AU head Jean Ping said last week the continent will also be seeking “reparation and damages” from rich nations for the potentially catastrophic effects of rising temperatures on the region. The AU chairman said Africa is most vulnerable to climate change, despite accounting for only 3.5 % of global greenhouse emissions.
If the Nairobi summit is successful, the Copenhagen talks will mark the first time Africa will be entering the global climate change negotiations under a common position.
Kenyan President Mwai Kibaki echoed Ping, telling the Nairobi delegates that developed countries must take seriously creating an international framework that is fair to poor nations, who are expecting to be worst hit by climate change.
Kibaki also stressed Africa must also commit to exploring renewable energy solutions and to curbing deforestation.
Kenyan parliament member David Koech, serving as chairman of the Pan-African Parliamentarians’ Network on Climate Change, which organized the event, said Africans expect global action because they are experiencing the harsh reality of an unfriendly climate.
“Ask any Kenyan, and every Kenyan will say, ‘Please can you go sign that thing [possible Copenhagen document] very fast,” he said.
Koech explains why the continent will demand compensation in the Copenhagen talks.
“It will be very expensive, for the developing world, especially Africa, to engage in clean energy and be able to develop at the same pace,” said Koech. “That is why we are asking for mitigation. The developed world – yes you are the major causes. What are you giving us to help us, to enable us develop like you? So we expect them to pay something to us.”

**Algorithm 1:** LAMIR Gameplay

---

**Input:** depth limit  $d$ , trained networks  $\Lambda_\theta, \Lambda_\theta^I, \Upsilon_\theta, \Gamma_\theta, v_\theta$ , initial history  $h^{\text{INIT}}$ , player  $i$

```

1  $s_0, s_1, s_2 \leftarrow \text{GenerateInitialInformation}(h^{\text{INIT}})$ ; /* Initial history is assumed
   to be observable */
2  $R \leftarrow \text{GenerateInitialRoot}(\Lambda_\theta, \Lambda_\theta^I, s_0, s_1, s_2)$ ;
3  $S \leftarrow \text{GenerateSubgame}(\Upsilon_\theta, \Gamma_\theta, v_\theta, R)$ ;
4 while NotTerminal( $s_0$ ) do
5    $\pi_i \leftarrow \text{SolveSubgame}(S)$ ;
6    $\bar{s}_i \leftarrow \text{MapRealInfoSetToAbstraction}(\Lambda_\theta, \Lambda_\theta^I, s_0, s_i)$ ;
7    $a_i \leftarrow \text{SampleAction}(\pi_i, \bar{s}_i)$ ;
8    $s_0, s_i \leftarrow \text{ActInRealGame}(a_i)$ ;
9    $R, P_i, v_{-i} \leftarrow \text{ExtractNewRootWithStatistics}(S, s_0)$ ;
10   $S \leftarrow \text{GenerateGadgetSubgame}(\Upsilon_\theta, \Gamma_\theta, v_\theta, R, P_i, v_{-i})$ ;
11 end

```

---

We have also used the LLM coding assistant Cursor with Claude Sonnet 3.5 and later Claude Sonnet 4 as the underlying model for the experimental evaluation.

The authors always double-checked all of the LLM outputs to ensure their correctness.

Speaking at the summit, Kenya’s environmental minister John Michuki warned Africa is not prepared for the global meeting. He said he feared that unless serious resources were spent over the next two months developing specific projects and numbers to justify the mitigation requests, the continent would leave the Copenhagen summit largely empty handed.
The UN climate change conference in Copenhagen is intended to create the framework to replace the Kyoto Protocol, which expires in 2012.
Many around the world believe the success of the global talks will depend heavily on the positions taken by the US, which notably never ratified the Kyoto agreement. US President Obama has expressed support for climate change action, but faces a sceptical US Congress.
Pic: President Mwai Kibaki of Kenya